Homeowners associations would be required, under the proposed law, to carry property insurance on any common area improvements that would cost at least $5,000 to replace. The insurance would have to cover all risks of direct physical loss and liability insurance. If such insurance was not available, the association would be required to notify each association member.
The bill includes a sunshine provision requiring homeowners associations to hold open meetings, except in cases of personnel matters, privacy issues, legal counsel, investigative proceedings concerning possible criminal misconduct or in a case where two-thirds of the board or committee members present vote to close a meeting for some "exceptional reason so compelling as to override the general public policy in favor of open meetings."
A statement of the time, place and purpose of any closed meeting, along with the record of any votes during such meetings, would have to be included in the association minutes.
The bill would require that all associations make its books and records available for examination and copying by any lot owner or mortgage-holder. It would allow associations to impose reasonable charges for copying books and records.
The bill would allow an association to extend to mortgagees or beneficiaries of deeds of trust encumbering the lots the right to approve specified actions of the association, but not if such a requirement for approval would give mortgage-holders control over general administrative affairs of the association.
The proposed bill would require less extensive disclosure of documents for associations of 12 houses or less or in the case of a homeowner offering his home in a subdivision for resale. In those cases, the law would require that prospective buyers be given the name, address and telephone number of the management agent of the homeowners association and that any questions of the prospective buyer be answered.
In the case of resales, the seller would also have to give the prospective buyer a statement as to whether the lot is located within a development, how much monthly dues or assessments imposed by the association had been over the last 12 months and a statement on the seller's knowledge of any unsatisfied judgments or pending law suits against the homeowners association.
The provision for implied warranties would only be applied to homeowners associations created after the effective date of the law, or for developments that had not yet sold 50 percent of the homes that would be in the association. The open meetings and open records requirements would not be applied to associations with fewer than 12 homes.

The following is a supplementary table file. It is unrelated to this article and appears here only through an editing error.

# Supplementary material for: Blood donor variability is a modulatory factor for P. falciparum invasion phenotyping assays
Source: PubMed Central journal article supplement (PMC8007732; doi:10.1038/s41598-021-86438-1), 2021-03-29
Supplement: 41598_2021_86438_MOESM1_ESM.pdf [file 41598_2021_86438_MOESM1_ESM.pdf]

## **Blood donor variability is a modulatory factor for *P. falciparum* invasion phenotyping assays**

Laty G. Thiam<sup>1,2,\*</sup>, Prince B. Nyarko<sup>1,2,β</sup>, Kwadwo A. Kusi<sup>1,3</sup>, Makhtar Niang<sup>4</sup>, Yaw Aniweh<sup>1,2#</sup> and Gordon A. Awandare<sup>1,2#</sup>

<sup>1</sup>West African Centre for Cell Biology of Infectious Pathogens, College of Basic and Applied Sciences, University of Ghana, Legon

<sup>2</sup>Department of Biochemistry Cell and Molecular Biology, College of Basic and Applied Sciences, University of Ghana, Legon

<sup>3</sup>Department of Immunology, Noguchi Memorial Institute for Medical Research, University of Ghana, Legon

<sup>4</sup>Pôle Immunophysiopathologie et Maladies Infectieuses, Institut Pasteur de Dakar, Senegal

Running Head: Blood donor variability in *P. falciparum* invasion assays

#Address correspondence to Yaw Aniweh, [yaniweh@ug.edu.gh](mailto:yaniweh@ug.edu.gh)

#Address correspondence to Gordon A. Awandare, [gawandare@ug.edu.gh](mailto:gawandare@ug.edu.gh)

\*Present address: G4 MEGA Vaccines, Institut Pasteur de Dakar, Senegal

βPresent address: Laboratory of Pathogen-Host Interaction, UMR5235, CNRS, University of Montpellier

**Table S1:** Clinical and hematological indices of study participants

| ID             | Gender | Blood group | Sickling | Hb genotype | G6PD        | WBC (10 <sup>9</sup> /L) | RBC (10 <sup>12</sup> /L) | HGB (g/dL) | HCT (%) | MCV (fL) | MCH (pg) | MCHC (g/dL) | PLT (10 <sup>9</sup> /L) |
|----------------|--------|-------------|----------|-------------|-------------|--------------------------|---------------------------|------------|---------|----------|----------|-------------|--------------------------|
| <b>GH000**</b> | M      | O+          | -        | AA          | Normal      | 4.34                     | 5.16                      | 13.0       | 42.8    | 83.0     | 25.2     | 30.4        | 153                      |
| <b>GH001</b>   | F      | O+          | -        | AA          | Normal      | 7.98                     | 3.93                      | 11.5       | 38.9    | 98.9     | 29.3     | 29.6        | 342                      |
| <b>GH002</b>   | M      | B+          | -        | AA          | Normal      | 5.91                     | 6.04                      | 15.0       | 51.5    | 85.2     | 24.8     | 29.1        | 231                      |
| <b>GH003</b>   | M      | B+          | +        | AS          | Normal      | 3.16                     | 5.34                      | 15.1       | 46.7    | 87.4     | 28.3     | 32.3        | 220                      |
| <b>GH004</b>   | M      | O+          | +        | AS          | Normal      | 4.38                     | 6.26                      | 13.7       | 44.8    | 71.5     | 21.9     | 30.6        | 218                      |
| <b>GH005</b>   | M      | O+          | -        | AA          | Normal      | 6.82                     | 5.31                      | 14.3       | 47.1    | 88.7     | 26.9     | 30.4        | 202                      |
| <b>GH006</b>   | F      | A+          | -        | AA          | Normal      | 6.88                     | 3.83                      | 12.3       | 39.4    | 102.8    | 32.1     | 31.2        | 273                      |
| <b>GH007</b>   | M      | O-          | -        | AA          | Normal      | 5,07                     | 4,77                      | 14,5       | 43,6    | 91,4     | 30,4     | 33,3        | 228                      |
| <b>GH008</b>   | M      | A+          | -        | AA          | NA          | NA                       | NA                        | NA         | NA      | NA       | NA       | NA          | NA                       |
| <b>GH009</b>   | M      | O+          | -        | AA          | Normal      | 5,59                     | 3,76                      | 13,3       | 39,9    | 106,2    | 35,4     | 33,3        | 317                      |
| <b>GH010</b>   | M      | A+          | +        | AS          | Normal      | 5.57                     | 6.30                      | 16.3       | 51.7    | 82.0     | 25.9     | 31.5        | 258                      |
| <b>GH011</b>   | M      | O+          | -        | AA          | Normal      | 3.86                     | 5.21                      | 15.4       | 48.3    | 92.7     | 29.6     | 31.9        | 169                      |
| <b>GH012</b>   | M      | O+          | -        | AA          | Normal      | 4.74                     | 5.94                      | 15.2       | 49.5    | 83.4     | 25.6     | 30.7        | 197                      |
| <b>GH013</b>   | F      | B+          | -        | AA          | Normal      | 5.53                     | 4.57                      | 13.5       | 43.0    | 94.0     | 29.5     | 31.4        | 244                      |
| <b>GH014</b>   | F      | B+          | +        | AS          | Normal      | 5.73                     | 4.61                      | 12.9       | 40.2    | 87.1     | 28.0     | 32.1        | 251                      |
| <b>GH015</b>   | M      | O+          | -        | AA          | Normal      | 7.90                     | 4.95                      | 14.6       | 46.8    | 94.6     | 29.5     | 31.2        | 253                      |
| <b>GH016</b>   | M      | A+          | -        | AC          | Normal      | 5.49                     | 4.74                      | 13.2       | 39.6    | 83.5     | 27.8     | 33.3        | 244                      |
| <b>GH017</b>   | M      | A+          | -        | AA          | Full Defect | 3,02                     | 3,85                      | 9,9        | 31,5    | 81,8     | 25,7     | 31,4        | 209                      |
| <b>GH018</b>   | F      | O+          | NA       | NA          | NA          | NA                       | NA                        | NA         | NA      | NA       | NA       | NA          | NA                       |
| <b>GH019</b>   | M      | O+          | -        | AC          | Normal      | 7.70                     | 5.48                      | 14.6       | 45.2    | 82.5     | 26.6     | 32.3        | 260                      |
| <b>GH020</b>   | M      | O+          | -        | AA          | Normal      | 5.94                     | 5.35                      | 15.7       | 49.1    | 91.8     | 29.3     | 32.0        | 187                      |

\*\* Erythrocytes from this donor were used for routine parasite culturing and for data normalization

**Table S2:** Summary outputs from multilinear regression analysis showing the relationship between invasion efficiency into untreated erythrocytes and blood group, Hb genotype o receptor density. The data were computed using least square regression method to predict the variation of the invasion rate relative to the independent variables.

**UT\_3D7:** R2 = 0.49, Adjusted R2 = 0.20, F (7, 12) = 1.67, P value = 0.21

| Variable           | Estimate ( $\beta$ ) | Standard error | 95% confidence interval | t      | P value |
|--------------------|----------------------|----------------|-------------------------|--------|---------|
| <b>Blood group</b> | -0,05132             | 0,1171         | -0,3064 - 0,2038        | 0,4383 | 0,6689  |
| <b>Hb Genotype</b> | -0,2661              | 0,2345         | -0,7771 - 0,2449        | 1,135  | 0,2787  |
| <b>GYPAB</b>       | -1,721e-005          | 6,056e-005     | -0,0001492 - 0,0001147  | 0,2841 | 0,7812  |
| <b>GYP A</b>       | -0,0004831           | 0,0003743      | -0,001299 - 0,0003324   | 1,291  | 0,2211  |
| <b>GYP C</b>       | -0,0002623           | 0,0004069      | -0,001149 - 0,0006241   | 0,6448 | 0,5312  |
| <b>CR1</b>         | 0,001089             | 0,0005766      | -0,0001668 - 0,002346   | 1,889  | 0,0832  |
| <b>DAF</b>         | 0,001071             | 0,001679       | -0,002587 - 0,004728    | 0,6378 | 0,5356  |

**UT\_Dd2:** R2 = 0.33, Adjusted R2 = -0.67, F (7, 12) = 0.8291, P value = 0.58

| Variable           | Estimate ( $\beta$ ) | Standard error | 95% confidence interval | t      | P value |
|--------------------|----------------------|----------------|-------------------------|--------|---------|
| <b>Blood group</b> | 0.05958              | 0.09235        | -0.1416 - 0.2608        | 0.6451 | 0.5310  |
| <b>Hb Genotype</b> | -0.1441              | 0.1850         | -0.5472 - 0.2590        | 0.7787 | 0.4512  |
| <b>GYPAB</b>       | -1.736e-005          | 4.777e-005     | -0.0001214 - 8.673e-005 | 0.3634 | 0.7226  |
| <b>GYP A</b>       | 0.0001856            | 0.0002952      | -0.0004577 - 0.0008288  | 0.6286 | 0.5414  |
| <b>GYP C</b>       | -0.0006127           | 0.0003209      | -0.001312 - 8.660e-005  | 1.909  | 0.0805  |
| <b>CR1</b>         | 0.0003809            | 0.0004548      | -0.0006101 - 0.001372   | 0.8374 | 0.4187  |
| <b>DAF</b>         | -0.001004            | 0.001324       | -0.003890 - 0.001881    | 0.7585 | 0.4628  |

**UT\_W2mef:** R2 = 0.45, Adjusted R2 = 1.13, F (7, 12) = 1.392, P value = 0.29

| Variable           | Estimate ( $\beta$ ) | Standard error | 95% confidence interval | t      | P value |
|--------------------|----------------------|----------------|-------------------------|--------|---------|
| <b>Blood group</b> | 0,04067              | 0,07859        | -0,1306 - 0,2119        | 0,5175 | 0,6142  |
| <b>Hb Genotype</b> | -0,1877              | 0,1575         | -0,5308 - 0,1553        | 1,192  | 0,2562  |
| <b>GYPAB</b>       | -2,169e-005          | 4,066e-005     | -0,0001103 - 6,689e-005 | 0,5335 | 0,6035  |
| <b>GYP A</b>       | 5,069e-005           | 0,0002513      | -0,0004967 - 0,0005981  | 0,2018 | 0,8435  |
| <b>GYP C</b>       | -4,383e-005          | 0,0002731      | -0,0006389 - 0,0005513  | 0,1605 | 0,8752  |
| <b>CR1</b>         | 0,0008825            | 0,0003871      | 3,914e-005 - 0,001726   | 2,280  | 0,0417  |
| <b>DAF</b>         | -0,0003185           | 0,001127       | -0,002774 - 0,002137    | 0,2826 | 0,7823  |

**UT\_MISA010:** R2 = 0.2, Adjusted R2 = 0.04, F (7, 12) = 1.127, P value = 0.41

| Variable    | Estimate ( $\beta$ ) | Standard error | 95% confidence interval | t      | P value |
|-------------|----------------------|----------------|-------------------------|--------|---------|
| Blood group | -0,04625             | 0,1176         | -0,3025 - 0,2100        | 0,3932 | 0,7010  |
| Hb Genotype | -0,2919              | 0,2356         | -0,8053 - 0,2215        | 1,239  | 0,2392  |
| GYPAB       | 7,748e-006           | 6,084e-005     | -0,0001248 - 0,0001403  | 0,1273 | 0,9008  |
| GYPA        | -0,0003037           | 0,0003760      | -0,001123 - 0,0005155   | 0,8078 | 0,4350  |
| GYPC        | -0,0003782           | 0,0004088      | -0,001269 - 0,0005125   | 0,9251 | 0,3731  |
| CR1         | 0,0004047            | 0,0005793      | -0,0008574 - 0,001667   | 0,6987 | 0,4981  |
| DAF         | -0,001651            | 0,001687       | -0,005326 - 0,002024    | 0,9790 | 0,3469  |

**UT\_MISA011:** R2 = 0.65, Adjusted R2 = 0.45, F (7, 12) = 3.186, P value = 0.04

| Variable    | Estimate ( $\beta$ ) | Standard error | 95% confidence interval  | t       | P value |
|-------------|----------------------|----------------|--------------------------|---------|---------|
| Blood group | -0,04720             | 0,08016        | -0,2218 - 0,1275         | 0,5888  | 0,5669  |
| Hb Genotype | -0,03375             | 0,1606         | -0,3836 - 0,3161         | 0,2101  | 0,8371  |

All the other provisions, including the right of rescision, the requirement for open meetings and books, the rights of secured lenders and the insurance requirements, would be applied to all existing homeowners associations in Maryland.
Under the proposed bill, local jurisdictions would not be allowed to enact additional regulations for homeowners associations, as commission members said they believe the bill provides adequate consumer protections. Winston said, however, that the commission might add a provision to the proposed bill later this month that would allow localities to enact regulations specifically requiring a homeowners association to use dispute resolution before taking cases to court, as Montgomery County now requires for such groups.
Winston said the commission decided against requiring homeowners associations to register with the state because of the workload it would place on the state and because the commission felt that registration requirements would be overly burdensome.
"We felt that going from no regulations to requiring registration would be heavy-handed," said Winston. "Instead, the bill provides fairly substantial consumer protections and we want to see if this will solve the problems. If it doesn't, we might suggest at a later date that homeowners associations be required to register."